W     Sum_j x_j W    W

Now let R_m = W^(m*m) 

the k'th element of FFT(x) is:

(1/R_k) Sum_j (x_j/R_j) R_{k-j}

Let Y_j= x_j/R_j . 

Then the k'th element of FFT(x) is:

(1/R_k) Sum_j Y_j R_{k-j}    (*)

This is almost a circular convolution. 

We can turn this into a circular convolution of size N, where N is the
smallest power of two greater than 2n, as follows.

We pad Y with N-2n zeros to get a vector P .

We observe that R_{k-j}=R_{j-k}

So we set a vector S to be

r_0 r_1...r_{n-1} 0s r_0 r_{n-1} r_{n-2}...r_2 r_1 

where the number of 0s is N-2n .

The inner sum in (*) is then the length N circular convolution of P
and S , which can be computed via FFT.

The k'th element of the DFT can be computed by dividing this result by
R_k .

This algorithm is clearly O(n log n) given an O(n log n) algorithm for

Notes on Matlab:

Matlab uses one-based indexing for arrays. I hope most of the matlab
notation is fairly clear, given the above description. I highly
recommend the Matlab software; it is quite good for exploring signal
processing (and many other things).

% Uses a fast power-of-two FFT to get the FFT

function result=myfft2(x)

% x is of length n

% k is a set of indices, from 0 to 2n-1

% get the largest power of 2 greater than 2n 
% (we could check that n is a power of two here if we wanted)

%  k will be the indices used in padding

	k=[[0:n-1] zeros(1,N-2*n) 0 [n-1:-1:1]];

% Y is W^(k^2) where W is a primitive 2n'th root of unity, that is,
% W^2=w, where w is a primitive n'th root of unity.
% We use the standard engineers convention of setting w to be 
% exp(2 pi i / n)

% We pad x with zeros and divide by Y

	NX=[x zeros(1,N-n)]./Y;

% Now we use our convolution routine to get the convolution,
% We have to divide by Y as a correction factor

	conv=ifft(fft(NX).*fft(Y)) ./ Y;

% Random length 1000 vector
>> x=rand(1,1000); 

% Compare myfft with the built-in fft
>> max(abs(myfft(x)-fft(x)))  



I did not find anything useful in an internet search. 

The standard work on algorithms, 

Introduction to Algorithms, by Thomas Cormen, Charles Leiserson,
Ronald Rivest, and Clifford Stein. MIT Press, 2001. ISBN 0-262-03292-7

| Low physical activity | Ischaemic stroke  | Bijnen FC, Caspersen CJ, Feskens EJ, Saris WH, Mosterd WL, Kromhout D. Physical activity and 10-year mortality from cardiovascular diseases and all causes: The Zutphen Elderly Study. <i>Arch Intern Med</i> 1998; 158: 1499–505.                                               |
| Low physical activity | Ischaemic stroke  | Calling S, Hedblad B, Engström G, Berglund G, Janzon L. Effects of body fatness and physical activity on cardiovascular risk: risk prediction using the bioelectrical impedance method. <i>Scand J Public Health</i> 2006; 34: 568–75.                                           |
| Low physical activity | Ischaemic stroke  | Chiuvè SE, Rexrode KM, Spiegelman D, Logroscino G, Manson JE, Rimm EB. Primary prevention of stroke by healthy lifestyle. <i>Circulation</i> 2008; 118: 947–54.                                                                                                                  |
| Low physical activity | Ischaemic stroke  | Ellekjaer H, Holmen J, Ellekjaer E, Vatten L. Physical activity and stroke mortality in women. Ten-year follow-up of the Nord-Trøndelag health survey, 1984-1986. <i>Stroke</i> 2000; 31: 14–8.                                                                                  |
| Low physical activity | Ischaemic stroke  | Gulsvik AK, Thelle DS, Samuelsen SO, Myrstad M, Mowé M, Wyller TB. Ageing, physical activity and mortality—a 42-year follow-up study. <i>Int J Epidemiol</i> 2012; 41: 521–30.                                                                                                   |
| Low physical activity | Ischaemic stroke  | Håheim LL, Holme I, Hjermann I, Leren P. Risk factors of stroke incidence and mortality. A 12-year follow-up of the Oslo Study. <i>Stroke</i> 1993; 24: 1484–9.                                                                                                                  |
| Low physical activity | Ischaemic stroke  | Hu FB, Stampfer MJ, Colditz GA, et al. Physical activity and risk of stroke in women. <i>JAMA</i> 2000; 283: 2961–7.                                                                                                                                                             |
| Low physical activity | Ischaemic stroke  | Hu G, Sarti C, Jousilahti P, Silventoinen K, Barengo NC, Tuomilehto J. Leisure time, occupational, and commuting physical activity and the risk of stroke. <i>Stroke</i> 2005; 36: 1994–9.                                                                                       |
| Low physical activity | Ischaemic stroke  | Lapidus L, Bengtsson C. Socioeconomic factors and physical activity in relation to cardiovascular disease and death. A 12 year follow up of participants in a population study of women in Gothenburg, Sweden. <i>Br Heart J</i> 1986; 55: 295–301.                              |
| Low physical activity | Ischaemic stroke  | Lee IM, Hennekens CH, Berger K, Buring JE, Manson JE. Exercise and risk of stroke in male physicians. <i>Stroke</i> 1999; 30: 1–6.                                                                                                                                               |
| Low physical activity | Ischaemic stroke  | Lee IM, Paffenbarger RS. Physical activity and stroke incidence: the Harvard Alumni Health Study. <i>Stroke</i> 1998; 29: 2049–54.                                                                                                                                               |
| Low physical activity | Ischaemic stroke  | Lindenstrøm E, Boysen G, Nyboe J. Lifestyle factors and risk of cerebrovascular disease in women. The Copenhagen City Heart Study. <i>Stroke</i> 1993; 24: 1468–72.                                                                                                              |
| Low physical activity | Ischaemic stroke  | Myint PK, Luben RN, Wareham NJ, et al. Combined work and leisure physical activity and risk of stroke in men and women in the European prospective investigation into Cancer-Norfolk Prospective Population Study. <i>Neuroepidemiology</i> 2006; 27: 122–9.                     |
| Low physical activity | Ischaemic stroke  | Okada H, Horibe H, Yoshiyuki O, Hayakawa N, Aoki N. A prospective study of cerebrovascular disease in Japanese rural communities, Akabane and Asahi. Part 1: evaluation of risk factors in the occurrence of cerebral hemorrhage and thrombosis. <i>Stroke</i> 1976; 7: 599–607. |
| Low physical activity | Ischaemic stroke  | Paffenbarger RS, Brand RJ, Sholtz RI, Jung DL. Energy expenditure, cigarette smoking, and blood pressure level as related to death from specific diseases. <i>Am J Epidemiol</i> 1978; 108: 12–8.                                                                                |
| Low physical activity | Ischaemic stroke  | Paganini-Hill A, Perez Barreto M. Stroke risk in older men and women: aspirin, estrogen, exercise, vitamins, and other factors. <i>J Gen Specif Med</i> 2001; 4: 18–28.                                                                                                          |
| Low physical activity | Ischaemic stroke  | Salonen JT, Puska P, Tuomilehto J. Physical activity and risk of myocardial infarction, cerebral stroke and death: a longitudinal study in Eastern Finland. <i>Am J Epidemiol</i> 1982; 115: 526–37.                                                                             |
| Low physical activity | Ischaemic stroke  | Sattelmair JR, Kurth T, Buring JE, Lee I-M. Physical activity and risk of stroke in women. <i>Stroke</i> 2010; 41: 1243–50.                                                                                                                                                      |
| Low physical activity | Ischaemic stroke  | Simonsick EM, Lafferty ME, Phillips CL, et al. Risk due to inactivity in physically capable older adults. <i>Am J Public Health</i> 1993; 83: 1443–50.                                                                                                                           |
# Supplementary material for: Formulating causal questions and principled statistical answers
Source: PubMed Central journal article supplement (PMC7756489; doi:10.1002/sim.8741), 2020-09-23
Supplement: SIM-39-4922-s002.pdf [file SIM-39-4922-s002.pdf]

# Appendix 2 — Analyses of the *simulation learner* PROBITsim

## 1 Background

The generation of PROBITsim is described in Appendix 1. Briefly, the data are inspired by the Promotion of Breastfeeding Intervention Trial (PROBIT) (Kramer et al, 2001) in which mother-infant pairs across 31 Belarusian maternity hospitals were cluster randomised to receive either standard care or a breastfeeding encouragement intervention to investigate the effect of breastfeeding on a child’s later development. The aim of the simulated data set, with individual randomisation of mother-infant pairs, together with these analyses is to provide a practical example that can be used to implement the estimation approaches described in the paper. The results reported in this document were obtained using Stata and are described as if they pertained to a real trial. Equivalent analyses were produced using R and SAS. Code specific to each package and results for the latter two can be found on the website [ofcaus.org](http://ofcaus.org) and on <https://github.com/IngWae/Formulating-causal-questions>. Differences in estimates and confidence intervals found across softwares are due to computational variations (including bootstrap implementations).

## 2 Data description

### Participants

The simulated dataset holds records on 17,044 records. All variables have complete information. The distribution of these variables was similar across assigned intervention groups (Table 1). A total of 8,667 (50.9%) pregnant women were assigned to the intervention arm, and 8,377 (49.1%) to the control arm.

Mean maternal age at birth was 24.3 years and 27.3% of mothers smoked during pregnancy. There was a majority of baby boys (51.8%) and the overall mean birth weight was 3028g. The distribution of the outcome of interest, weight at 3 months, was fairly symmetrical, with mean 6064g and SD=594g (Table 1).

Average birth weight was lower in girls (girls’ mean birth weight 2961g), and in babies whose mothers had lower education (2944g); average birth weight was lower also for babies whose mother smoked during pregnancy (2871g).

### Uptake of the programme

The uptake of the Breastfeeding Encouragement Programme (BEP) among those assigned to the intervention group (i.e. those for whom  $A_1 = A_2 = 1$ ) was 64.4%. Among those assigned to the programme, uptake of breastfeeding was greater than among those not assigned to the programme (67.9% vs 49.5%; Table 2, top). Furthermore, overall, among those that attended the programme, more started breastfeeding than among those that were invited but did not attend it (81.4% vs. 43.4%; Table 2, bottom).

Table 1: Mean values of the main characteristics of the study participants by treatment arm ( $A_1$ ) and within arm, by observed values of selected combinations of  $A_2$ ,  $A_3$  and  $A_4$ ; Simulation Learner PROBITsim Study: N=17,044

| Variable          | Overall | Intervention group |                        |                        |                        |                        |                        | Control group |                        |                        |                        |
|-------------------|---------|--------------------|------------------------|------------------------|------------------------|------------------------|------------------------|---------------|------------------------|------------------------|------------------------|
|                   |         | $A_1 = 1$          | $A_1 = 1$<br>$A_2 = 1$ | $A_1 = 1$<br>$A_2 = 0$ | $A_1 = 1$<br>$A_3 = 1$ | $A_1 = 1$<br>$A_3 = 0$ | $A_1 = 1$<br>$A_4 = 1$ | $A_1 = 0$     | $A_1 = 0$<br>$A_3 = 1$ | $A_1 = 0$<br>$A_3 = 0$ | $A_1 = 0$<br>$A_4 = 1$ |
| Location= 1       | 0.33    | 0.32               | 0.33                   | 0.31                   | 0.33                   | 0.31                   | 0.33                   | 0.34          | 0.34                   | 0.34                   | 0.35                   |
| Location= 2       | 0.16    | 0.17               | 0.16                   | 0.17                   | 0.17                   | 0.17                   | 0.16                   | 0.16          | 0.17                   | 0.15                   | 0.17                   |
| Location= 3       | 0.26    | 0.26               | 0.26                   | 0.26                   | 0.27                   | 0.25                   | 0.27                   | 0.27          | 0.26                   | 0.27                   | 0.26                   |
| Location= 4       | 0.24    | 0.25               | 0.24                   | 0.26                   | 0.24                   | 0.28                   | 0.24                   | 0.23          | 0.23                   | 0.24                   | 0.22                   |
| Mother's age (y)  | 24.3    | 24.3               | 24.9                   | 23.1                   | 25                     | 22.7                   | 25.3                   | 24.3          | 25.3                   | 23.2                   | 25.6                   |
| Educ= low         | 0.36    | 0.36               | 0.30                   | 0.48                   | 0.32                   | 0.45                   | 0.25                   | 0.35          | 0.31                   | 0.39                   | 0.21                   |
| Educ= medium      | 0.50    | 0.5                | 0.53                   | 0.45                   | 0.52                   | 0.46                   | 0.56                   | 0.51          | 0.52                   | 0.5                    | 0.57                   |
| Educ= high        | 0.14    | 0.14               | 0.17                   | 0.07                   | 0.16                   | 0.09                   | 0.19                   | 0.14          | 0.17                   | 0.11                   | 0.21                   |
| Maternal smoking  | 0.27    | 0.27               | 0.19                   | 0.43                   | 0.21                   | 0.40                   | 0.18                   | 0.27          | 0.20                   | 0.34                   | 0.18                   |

contains the lines in reference to the DFT 

"Without loss of generality, we assume that n is a power of 2, since a
given degree-bound can always be raised---we can always add new
high-order zero coefficients as necessary". [ibid, p. 833, section

I rewrote the FFT as a chirp transform; the chirp transform algorithm
is given as a starred exercise, 30.2-8, in this text.

This does not seem to be the case, and I have sent in a bug report to
the authors .

I also referenced the text: 

Discrete-Time Signal Processing, by Alan Oppenheim and Ronald Schafer.
Prentice Hall, 1999 .

However, there are many annoying notational differences between the
electrical engineering viewpoint of FFT's and the computer scientist's

Finally, I would like to mention that Fourier analysis can be carried
out over an arbitrary group, even over a non-abelian group. The
resulting theory is quite beautiful. An introduction is:

Fourier Analysis On Finite Groups and Applications. Audry Terras.
Cambridge University Press, 1999. ISBN: 0521457181

Clarification of Answer by rbnn-ga on 01 Nov 2002 08:53 PST

I wanted to add three small comments to my answers.

First, several commenters have pointed you in the direction of
tailored FFTs for prime length. From the wording of your question
(namely that you already knew about the prime-length FFT algorithms,
and that you thought there was a way to solve this using power-of-two
FFT) I am presuming that want a way to compute general FFT from